It's got these dancing hamsters on it. It's really funny. I'm going to mail it to everyone I know. I bet they never saw it before, since it's new to me. I'm so glad I got this interweb thing last week.

    5 years from now, I will discover Zero Wing. When I do, I will send it to you.
  • Why Not... (Score:2, Funny)

    by evilmuffins (631482)
    If they wanted to destroy some computers, why not just put windows on, and then install Bonzi Buddy?
  • by Mabelyne (704976) on Sunday September 07, 2003 @01:02PM (#6893781) Journal
    Purchase a litre of Muriatic Acid, take the cap off, set it beside running computer. It's a very slow and agonizing death!

  • [computers] are totally defenseless, all we need are more people with hammers. -Thom Yorke (Radiohead) [computers] are totally defenseless, all we need are more sysadmins with guns. -me (to defend the servers of course ;-))
  • Etherkiller (Score:5, Funny)

    by mraymer (516227) <mraymer AT centurytel DOT net> on Sunday September 07, 2003 @01:11PM (#6893853) Homepage Journal
    http://www.fiftythree.org/etherkiller/ [fiftythree.org]

    I think this would bring down a network quicker than the worst Slashdotting. My favorite is the powered hub, but I think the hard drive killer is nice, too.

  • by fpp (614761) on Sunday September 07, 2003 @01:12PM (#6893861)
    "Unfortunately, static discharge damage is actually a fairly rare cause of computer problems."

    OK, what is this guy smoking? Static discharge is certainly NOT a rare cause of computer problems, especially in dry areas. The problem is that it's rarely blamed for hardware problems, because there's no way to tell why a board just "died".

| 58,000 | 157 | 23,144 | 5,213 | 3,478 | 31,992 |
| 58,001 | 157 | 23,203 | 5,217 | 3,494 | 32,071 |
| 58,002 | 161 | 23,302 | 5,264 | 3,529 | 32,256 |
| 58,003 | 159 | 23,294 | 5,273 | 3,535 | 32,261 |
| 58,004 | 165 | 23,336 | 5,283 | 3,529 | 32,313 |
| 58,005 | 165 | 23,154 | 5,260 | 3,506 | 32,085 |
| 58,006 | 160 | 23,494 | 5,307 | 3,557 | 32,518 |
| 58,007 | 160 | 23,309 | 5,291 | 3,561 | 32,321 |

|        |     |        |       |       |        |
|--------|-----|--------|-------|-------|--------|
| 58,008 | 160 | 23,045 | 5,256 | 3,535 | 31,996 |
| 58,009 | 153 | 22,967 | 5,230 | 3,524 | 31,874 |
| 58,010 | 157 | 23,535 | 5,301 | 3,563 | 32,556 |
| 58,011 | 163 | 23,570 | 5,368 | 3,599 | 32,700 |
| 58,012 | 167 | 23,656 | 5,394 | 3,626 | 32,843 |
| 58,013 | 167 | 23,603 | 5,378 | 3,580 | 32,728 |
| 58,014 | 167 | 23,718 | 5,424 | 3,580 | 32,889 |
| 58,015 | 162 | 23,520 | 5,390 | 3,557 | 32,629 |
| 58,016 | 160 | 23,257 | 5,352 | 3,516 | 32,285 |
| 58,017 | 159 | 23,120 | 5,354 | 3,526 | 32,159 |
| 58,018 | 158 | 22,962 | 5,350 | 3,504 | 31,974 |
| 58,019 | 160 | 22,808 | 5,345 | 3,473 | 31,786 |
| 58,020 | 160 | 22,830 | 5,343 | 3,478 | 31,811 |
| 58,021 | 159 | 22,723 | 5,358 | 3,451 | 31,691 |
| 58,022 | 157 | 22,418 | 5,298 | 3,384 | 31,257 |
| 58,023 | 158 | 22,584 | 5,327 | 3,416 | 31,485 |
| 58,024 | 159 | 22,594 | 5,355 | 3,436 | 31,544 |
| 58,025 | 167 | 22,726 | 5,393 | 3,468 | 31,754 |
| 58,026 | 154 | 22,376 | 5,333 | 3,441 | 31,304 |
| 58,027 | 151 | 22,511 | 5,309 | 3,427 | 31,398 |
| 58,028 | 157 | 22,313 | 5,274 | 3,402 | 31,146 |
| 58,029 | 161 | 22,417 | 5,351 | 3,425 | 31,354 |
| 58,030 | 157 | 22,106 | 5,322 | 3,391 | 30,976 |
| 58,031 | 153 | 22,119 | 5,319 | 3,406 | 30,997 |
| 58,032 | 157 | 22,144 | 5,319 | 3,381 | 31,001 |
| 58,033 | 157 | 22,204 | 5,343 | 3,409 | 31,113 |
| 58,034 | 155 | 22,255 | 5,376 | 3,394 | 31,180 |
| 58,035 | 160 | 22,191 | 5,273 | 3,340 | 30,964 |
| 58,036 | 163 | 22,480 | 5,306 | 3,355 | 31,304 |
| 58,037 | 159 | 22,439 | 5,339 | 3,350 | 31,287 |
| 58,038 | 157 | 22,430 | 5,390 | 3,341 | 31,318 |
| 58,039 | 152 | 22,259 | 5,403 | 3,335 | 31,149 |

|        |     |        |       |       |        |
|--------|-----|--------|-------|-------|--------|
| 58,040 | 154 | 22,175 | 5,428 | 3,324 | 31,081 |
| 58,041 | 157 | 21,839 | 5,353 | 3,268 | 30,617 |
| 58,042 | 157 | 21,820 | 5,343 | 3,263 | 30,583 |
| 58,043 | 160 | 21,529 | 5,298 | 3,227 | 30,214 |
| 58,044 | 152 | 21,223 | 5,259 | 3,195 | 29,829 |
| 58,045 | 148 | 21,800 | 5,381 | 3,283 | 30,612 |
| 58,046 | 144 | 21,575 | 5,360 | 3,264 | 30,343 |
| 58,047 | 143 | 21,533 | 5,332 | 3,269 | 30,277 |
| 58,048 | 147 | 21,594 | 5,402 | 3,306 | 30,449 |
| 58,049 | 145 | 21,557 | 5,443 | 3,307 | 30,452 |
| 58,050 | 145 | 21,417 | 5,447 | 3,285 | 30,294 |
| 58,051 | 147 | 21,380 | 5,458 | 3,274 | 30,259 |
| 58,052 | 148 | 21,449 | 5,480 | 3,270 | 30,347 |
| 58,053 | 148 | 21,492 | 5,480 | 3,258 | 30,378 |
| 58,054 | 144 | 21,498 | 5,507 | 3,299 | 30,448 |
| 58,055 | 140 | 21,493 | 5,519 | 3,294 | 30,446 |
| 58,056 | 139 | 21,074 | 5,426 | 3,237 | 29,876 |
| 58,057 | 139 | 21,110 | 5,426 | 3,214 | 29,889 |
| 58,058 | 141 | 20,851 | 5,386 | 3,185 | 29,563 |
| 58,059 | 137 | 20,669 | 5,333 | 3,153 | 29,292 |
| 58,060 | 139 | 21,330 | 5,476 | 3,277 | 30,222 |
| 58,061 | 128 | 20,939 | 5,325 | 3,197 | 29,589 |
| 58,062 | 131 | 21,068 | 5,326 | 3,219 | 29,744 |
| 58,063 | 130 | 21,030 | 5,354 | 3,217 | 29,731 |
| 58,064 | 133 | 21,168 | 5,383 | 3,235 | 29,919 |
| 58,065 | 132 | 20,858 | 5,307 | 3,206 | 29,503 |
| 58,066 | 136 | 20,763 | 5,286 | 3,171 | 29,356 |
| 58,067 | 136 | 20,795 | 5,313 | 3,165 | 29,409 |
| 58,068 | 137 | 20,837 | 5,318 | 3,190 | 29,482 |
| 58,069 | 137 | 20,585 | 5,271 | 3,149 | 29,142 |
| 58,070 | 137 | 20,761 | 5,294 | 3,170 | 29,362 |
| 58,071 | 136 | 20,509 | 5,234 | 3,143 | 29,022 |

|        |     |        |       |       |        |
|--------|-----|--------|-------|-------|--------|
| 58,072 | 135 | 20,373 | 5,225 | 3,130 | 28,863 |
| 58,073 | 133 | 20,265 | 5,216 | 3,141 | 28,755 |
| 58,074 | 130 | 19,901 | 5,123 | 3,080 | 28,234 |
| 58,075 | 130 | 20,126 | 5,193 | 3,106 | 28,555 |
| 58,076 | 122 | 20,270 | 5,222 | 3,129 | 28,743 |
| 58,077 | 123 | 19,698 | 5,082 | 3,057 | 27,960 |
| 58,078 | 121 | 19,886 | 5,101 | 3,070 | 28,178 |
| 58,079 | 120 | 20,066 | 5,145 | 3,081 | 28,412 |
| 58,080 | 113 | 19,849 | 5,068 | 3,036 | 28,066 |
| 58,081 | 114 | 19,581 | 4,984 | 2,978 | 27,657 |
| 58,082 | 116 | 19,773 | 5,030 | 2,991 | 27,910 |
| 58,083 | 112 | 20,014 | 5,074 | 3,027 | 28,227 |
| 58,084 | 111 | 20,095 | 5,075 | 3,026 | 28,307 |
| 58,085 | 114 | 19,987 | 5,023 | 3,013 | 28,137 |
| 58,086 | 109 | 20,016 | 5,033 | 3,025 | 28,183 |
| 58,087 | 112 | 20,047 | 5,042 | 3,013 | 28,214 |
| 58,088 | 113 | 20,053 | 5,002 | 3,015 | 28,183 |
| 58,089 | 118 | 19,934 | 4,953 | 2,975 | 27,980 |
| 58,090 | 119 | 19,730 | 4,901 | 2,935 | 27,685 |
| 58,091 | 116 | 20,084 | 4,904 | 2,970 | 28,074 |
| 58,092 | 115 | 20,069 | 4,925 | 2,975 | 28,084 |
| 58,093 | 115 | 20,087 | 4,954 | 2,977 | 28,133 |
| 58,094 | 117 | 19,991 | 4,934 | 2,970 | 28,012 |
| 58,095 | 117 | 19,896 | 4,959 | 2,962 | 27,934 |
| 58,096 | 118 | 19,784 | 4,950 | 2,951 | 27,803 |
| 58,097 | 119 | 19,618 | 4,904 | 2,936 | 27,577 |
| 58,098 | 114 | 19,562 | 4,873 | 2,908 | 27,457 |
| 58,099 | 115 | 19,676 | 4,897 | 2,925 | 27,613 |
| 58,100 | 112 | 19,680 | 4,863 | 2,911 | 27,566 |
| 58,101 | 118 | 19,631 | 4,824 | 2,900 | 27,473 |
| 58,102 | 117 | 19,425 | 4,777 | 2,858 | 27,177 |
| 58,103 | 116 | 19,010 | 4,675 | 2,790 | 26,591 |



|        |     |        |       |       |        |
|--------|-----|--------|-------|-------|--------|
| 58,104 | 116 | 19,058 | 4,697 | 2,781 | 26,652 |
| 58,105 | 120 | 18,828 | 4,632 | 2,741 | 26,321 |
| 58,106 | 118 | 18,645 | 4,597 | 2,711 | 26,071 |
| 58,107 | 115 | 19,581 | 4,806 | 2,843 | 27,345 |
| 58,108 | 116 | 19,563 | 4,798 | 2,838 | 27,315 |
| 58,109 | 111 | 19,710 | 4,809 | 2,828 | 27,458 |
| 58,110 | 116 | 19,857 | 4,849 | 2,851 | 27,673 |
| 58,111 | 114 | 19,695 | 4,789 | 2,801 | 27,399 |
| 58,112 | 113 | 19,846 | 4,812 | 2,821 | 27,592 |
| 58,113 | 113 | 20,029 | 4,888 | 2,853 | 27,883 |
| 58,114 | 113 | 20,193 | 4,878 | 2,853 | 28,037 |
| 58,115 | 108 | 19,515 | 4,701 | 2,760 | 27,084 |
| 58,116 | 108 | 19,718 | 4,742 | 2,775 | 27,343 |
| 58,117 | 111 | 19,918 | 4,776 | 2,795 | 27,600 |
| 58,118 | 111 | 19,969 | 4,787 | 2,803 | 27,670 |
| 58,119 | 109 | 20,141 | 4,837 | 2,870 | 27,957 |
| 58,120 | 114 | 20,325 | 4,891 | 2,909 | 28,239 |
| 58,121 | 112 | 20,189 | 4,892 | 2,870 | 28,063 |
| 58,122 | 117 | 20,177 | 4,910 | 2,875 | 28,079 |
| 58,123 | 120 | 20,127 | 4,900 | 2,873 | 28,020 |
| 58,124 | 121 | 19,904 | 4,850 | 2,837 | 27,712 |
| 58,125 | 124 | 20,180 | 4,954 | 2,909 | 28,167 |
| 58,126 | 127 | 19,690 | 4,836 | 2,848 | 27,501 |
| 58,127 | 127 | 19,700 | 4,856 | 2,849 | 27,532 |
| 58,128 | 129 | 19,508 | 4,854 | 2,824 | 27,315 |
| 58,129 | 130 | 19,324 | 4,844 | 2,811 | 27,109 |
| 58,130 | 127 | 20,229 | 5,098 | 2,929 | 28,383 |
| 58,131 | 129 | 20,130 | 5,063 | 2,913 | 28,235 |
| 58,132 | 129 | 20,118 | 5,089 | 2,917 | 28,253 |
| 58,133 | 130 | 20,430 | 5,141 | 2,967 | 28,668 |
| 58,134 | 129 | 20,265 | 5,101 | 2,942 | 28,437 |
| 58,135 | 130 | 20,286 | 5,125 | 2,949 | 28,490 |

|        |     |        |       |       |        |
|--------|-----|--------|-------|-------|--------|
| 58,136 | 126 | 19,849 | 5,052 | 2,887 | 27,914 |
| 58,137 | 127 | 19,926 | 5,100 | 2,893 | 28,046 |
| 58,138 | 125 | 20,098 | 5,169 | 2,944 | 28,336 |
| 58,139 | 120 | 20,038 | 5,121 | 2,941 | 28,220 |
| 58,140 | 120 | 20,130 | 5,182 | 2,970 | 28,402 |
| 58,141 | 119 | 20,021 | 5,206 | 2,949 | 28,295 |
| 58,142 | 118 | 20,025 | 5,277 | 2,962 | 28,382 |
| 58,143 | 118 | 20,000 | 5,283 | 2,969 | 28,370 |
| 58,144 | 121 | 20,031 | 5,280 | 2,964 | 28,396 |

I work as a production engineer on a high tech assembly line, and our service calls due to "dead" boards dropped by 55% after we instituted tight anti-static measures on both the assembly line and in the service department.

    Anti-static precautions are not taken very seriously in some computer industries, especially the "mom and pop" stores which sell individual components. I can't tell you how many so-called computer "experts" I've seen handle RAM with their bare hands, and with no anti-static bag.
  • I guess Rob doesn't have anything else to do but drive traffic to his friend's sites. This was probably one of the most inane articles I've ever seen on Slashdot.
  • About the most expensive distruction of computer equipment I've ever accomplished was to realize I'd wired the KVM between my workstation and server wrong and swapped all the cables with both computers running. I honestly had no idea this could be bad, not even when neither machine would respond to the keyboard or mouse. No problem, I thought, I'll reboot. So I did and and both halted with keyboard / mouse errors.

    D'oh!
  • A friend had a great idea while I was out of the room for a moment. He decided he could make the Atari 800 computer work faster and better by moving around the ROM boards.... the computer never worked again...

    Another day... he thought if he plugged the AC adaptor from the Atari 2600 into the headset outlet on the TV it would make it louder... and it did for that nice POP sound you can only get when you fry something... the TV never had sound again through either the built in speakers or headset...

    I wont
  • ...an end user at my last job was quite adept at spilling coffee on her running laptop, amazingly without killing it. Yet she never clued into the fact that maybe the spot on her desk where she kept putting her coffee mug was not the optimal location.

    After the third time I had to disassemble and clean that laptop, I considered purchasing a sippy cup [umixbaby.com] for her.

    ~Philly
  • by tinrobot (314936) on Sunday September 07, 2003 @01:40PM (#6894019)